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Old 12-29-2017, 11:57 AM
 
5,217 posts, read 2,960,206 times
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There was a fire in St. Louis in 1973 which destroyed 80% of the soldiers records. Purely from a real life situation, we are trying to find a record of my husband's Dad's service in WW2 for him to join a VFW Post as a "A" member; served in a combat zone or had a family member who did. My husband served during the Nam War but not in a combat zone.

All I found online on his Dad is his Draft Card on genealogy sites. Does not count they say. I have found something on Family Search with his name listed under Veterans Affairs BIRLS. What is that? Would that be enough proof? All my FIL told me when he was alive was that he was with the Armored Division that liberated Buchenwald Camp. Sad that such an honorable service to the world cannot be proved.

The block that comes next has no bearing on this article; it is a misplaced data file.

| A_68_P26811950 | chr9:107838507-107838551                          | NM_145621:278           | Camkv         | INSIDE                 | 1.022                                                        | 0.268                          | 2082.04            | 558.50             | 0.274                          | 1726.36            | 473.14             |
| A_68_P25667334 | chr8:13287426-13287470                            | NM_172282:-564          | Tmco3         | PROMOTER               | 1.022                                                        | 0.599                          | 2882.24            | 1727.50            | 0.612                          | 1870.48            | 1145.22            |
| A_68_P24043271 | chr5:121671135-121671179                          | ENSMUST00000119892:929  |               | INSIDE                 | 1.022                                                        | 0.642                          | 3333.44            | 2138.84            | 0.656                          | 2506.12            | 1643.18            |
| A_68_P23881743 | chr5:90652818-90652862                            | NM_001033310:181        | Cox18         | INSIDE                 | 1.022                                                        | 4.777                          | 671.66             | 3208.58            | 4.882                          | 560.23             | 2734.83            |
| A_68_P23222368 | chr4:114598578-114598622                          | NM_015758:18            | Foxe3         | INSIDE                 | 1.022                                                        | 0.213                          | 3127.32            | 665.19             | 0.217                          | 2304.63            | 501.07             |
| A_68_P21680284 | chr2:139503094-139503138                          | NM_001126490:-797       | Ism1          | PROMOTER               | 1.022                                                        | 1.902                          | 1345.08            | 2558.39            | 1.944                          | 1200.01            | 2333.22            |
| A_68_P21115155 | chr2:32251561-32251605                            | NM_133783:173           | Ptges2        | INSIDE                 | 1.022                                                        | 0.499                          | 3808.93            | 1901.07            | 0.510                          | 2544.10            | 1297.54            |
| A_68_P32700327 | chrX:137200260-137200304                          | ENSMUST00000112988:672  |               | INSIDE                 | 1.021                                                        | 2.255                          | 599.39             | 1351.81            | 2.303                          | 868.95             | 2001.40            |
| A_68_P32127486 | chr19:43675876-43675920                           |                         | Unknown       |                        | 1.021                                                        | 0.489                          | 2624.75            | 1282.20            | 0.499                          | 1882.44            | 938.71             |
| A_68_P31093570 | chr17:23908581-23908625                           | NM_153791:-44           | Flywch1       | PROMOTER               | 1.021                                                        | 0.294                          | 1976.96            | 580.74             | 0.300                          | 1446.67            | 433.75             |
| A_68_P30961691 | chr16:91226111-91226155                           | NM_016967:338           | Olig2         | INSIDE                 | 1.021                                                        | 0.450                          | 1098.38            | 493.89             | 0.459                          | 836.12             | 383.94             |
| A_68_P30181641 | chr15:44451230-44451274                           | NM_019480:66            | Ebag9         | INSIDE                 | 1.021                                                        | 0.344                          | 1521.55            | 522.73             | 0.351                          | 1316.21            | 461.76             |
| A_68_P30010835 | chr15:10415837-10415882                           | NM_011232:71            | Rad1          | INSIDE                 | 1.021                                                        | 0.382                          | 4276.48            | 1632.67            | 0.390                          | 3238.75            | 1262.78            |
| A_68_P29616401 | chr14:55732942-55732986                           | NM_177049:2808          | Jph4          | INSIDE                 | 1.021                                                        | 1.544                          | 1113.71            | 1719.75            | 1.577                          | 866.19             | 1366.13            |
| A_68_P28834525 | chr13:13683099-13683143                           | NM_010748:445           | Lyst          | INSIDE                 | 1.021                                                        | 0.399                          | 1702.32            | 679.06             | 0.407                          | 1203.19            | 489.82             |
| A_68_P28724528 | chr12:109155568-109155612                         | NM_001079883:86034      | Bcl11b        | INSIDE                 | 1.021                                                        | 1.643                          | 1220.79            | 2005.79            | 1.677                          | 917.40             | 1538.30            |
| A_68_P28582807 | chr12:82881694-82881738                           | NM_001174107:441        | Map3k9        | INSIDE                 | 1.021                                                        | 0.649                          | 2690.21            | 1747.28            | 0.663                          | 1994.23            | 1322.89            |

Tried searching military lists of those personnel but came up with nothing. Where do I go from here? Just take a chance and write to the National Archives?

I guess it's a matter of family pride, but I have my Dad's Honorable Discharge Papers from WW2; two copies sealed in plastic, which my husband, or me, could use.

If you have family members who saved all these records back in time, give thanks! You are very, very lucky.
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Old 12-29-2017, 01:12 PM
 
Location: OH>IL>CO>CT
4,491 posts, read 6,977,559 times
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BIRLS is similar to the SSA's Death Index.
"The BIRLS (Beneficiary Identification Records Locator Subsystem) Death File is a Veterans Benefits Administration database that lists information for deceased individuals who had received benefits from the Veterans Administration while they were alive."